By 48%-44%, voters say they would vote for the Democrat if congressional elections were today
WASHINGTON — Ratings of the GOP match historic lows in a new USA TODAY/Pew Research Center Poll, but Republican voters are more optimistic than Democrats about how their party is going to fare in next year's congressional elections.
Analysts are watching for signs of whether a "wave" election might be in the works, the sort of lopsided outcome that could boost Republican efforts to win control of the Senate or even longer-shot Democratic dreams of regaining the House.
The new survey, taken Dec. 3-8, shows a conundrum: Democratic congressional leaders rate higher and registered voters by 48%-44% say they would vote for the Democratic congressional candidate in their district over the Republican if the election were held today.
At the same time, by 53%-47% Republican voters are more likely than Democrats to say they are "very enthusiastic" about voting in 2014 – a key test of whether they'll bother to go to the polls. And they predict better results for their party next year, another poll question that in the past has signaled the elections that follow.
A 55% majority of Republicans and voters who lean to the GOP say Republicans candidates will do better next year than they have in recent elections; 33% say they will fare about the same.
In contrast, Democrats and Democratic-leaning voters split 43%-43% over whether the Democratic Party will do better or about the same as in recent years.
Very few in either party predict things will get worse: Just 5% of Republicans and 9% of Democrats.
White House travails are fueling Republicans' expectations, says James Campbell, a political scientist at Syracuse University and author of The American Campaign: U.S. Presidential Campaigns and the National Vote.
"President Obama is on the defensive," Campbell says, with even support among some liberals fraying. "When you see that softening on the other side, it gives some encouragement to Republicans. Now, they can certainly get overly optimistic, and you can't discount the possibility of Tea Party-establishment warfare grabbing defeat from the jaws of victory. But right now it looks pretty promising for Republicans."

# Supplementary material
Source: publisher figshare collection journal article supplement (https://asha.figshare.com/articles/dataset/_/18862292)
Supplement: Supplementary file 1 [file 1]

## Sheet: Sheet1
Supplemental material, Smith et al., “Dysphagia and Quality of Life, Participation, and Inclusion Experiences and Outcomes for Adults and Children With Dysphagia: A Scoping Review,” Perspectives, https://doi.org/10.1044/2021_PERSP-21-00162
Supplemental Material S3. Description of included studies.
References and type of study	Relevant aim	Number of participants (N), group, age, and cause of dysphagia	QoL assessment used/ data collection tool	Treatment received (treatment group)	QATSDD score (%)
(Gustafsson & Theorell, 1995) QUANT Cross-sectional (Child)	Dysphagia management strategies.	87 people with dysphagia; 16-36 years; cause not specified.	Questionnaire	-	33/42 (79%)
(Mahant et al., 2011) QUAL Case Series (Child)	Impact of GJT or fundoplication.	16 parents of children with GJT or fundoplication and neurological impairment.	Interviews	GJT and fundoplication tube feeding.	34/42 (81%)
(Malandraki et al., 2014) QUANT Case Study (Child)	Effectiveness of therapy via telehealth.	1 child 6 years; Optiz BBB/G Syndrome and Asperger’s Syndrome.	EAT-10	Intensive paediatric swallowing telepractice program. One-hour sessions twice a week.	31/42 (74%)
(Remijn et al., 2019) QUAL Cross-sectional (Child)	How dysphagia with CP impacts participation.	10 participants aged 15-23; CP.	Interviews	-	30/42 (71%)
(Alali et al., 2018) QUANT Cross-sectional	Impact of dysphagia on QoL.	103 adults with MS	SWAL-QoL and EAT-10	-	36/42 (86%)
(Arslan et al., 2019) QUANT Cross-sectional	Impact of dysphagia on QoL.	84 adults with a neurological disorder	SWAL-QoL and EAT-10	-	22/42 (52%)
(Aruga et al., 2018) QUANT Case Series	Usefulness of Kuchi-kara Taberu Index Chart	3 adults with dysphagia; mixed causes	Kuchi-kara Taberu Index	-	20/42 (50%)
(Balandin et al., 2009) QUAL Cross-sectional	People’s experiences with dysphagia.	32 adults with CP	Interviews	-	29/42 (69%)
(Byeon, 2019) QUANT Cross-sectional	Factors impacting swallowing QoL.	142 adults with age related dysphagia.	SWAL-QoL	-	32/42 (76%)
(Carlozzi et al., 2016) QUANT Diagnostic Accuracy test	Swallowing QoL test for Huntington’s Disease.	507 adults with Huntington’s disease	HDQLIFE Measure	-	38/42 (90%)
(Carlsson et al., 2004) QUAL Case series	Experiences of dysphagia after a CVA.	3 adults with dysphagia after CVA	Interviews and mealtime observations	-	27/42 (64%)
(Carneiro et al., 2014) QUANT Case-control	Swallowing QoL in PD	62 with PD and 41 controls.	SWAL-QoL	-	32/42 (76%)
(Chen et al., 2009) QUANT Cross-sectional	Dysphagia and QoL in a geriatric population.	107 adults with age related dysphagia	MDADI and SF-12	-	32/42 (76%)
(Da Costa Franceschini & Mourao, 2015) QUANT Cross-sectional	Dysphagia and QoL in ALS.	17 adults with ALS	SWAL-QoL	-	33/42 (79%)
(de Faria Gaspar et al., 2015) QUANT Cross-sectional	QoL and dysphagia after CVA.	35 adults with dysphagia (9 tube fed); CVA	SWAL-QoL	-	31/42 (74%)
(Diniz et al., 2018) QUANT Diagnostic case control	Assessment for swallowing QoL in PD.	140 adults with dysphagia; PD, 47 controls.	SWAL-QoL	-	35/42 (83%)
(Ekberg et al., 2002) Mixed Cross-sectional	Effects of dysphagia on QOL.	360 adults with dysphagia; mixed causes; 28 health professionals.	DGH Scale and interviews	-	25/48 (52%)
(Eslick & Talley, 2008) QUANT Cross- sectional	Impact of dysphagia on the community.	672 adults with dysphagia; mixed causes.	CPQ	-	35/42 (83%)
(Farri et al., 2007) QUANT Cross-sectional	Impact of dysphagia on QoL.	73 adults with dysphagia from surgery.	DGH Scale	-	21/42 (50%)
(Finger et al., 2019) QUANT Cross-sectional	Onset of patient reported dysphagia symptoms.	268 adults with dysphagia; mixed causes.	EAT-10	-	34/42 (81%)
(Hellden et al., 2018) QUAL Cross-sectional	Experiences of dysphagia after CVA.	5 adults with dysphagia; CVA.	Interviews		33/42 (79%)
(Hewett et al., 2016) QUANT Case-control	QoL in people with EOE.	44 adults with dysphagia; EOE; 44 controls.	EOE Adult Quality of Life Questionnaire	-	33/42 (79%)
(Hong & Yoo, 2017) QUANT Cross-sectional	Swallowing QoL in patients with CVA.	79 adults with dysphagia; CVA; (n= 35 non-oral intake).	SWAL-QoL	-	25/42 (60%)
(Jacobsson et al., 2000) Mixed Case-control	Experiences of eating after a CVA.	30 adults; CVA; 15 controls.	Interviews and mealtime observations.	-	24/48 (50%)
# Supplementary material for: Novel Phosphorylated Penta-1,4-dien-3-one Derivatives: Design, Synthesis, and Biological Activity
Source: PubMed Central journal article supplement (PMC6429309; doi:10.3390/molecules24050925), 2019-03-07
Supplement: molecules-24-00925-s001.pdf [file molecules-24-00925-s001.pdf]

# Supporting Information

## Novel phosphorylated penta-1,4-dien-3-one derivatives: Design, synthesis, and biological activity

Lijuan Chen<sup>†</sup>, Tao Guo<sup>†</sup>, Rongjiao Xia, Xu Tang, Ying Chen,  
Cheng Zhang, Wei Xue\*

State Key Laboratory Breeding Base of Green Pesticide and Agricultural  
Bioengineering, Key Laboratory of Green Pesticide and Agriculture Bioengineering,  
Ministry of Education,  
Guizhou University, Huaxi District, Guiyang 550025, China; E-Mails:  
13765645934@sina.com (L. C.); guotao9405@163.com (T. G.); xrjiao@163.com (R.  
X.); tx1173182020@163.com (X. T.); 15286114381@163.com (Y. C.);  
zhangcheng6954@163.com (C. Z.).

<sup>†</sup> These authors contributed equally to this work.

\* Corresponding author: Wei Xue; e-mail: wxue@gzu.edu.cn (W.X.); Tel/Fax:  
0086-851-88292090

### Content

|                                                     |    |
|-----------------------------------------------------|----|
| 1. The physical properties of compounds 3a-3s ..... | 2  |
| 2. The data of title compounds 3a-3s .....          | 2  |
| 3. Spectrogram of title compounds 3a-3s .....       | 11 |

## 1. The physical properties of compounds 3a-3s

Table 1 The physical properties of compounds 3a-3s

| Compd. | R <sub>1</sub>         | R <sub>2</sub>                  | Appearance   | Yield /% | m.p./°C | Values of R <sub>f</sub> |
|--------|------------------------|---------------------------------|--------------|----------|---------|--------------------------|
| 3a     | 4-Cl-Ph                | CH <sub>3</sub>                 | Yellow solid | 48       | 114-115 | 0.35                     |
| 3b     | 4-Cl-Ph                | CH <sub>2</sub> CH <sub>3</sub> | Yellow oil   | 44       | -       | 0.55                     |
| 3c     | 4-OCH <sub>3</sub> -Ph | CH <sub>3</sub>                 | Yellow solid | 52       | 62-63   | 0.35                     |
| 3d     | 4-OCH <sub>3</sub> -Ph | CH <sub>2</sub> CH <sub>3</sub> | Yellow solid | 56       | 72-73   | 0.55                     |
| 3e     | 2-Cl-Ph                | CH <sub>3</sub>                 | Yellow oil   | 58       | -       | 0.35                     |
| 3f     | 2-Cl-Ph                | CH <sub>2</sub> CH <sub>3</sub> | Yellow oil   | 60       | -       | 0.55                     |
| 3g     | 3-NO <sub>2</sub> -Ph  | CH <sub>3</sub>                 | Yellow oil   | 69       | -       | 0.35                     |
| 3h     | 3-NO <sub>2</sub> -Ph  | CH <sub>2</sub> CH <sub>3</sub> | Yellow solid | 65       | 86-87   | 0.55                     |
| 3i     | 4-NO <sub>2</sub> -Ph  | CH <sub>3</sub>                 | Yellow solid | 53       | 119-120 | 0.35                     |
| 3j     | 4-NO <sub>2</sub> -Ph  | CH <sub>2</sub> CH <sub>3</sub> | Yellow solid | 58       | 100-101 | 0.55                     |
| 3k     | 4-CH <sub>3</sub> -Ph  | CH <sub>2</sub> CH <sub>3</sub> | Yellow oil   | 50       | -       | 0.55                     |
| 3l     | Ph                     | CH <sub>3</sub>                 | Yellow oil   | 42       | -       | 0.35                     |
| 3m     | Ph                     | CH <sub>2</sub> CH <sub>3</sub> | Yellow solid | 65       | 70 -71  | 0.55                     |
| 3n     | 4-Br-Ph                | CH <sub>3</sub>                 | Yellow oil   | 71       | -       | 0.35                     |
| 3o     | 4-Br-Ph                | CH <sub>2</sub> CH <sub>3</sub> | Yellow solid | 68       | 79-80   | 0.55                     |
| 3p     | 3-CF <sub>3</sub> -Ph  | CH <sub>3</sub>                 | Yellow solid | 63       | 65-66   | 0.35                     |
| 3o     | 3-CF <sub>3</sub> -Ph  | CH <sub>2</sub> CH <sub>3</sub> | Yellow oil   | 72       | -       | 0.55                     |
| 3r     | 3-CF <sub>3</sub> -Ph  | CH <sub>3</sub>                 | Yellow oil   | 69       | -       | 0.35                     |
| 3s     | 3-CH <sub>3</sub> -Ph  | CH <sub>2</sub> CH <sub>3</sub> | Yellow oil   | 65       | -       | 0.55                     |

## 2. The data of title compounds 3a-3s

He doesn't see the ingredients, at least not yet, for a sweeping "wave" election, however. While there is an expectations gap between Republican and Democratic voters, it isn't as wide as it was before the 2010 elections, when Republicans by a huge margin predicted victories, or before the 2006 midterms, when Democrats were overwhelmingly confident.
In 2010, Republicans regained control of the House. In 2006, Democrats won back the Senate.
Next year, the GOP needs a net gain of six Senate seats to win control. In their favor: Democrats are defending 21 of the 35 seats that are up, including six in states that Republican Mitt Romney carried in 2012.
That said, the standing of the Republican Party and Republican congressional leaders has never been lower. Fifty-nine percent of those surveyed have an unfavorable view of the GOP, tied for the highest negative rating ever. What's more, 28% feel strongly about it, saying they have a "very unfavorable" view.
Seventy-two percent disapprove of Republican congressional leaders, also matching the historic high. Approval of GOP congressional leaders hasn't risen above 25% the last 10 times Pew has asked the question, going back to July 2011.
Democrats don't fare well, but they do better than that. Those surveyed approve of Democratic congressional leaders by 34%-58%. Forty-eight percent have an unfavorable view of the Democratic Party; 24% say they have a "very unfavorable" view.
The poll of 2,001 adults, taken Dec. 3-8, has a margin of error of +/- 3 percentage points.